“The answer my friend is blowin' in the wind the answer is blowin' in the wind.” These famous lyrics are what gave the Civil Rights Movement support through a music stand point. Bob Dylan helped with the progression of the civil rights movements through many different ways. He wrote songs about deaths of public figures and strikes during the civil rights movement, and he stood as a public figure in support of it.
Bob Dylan was born on May 24, 1941 in Duluth, Minnesota. He was born with the name Robert Allen Zimmerman and later acquired the pseudonym Bob Dylan while performing folk songs in local coffee shops on his University of Minnesota campus.(Bio) He was asked for his name by the Ten O’Clock Scholar coffee shops owner David Lee and he frantically said Bob Dylan. Dylan said that when asked he came up with it on the spot. There are many different rumors of how he came up with it such as it being a relatives name or a character from one of his favorite TV shows. Shortly after playing in the coffee shops he was approached by Columbia Records to with a record deal to make an album. He accepted it and in a year he released his self-titled album (Bob Dylan) in March 1962.(Heylin) His girlfriend at the time Suze Rotolo, an artist and civil rights activist, was who inspired him to write the protest songs.(Audie Cornish) In 1962 Bob began his association with the civil rights movement while singing at benefit concerts. He started writing songs about the movement from then on. In the summer of 1963 Bob first handily experienced segregation in Mississippi at a civil rights concert. (Christopher Edwards)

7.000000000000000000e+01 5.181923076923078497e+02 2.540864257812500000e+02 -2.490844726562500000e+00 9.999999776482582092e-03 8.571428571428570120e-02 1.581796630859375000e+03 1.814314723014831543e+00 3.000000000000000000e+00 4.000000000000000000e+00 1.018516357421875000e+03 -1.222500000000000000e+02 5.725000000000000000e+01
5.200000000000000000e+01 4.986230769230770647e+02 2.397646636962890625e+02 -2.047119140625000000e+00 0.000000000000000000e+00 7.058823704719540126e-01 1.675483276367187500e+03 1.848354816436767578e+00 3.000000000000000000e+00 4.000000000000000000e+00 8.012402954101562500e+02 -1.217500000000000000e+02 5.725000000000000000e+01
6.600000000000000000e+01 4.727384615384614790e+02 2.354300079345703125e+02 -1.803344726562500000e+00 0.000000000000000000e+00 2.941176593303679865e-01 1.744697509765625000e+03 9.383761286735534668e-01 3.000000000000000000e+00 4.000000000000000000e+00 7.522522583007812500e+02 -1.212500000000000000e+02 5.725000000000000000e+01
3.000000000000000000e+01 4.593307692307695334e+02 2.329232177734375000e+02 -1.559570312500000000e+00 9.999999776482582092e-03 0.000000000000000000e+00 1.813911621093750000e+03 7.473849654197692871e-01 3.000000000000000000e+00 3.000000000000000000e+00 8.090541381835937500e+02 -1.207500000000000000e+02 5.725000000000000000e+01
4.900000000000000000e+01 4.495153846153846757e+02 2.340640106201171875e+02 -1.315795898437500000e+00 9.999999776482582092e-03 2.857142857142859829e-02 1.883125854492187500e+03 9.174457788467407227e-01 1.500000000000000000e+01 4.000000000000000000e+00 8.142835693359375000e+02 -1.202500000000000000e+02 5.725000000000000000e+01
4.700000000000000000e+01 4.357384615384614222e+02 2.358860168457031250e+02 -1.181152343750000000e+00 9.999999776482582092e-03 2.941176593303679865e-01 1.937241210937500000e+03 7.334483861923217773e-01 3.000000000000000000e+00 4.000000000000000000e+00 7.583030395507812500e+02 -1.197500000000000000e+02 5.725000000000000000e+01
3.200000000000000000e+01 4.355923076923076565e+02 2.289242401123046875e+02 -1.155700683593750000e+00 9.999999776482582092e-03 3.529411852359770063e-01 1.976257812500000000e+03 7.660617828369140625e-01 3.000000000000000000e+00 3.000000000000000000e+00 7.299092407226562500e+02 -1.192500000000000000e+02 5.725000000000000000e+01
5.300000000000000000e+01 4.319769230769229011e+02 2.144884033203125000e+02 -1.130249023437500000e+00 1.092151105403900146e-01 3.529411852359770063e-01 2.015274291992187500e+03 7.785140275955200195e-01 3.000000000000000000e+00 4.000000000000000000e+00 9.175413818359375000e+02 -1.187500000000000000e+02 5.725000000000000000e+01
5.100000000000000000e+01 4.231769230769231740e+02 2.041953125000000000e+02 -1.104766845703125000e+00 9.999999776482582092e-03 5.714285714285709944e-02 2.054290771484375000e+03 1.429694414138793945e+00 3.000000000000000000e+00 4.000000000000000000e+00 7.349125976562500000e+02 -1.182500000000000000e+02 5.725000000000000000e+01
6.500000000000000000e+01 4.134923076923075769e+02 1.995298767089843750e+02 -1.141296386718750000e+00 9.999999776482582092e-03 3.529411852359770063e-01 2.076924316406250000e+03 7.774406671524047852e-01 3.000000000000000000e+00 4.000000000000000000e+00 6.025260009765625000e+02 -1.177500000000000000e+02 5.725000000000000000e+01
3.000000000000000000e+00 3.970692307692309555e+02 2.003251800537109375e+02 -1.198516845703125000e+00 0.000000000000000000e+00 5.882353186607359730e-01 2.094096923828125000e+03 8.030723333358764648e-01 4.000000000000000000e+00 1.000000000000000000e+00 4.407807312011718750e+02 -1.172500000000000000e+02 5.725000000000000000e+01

Dylan’s first song about the Civil Rights Movement song was named “Only A Pawn In Their Game”. This song was written about the brutal death of Medgar Evers. Medgar Evers was killed outside of his home in Jackson, Mississippi on June 12th 1963. He was a field secretary for the National Association for the Advancement of Colored People (NAACP) in Mississippi. Dylan said that murder was a product of the social system of the south and all of the racism that it is filled with. (Edwards) Jack Doyle Wrote:
On June 12, 1963, just past midnight, Evers drove up to his Jackson home, parking under the car port, the kitchen door to his house a short distance away. Evers that night had attended a group meeting at New Jerusalem Baptist Church, while his wife Myrlie and his children watched President Kennedy’s televised speech – a speech that focused on the racial tensions in Birmingham, Alabama, where violent clashes between protestors and police had been going on for the past two months. As Evers got out of his car, he grabbed a bundle of T-shirts that were to be handed out the next morning to civil rights demonstrators. He only took a few steps away from his car toward the kitchen door when he was shot in back. The bullet tore through his body and went into the house where his wife Myrlie and their three children were. “Medgar was lying there on the...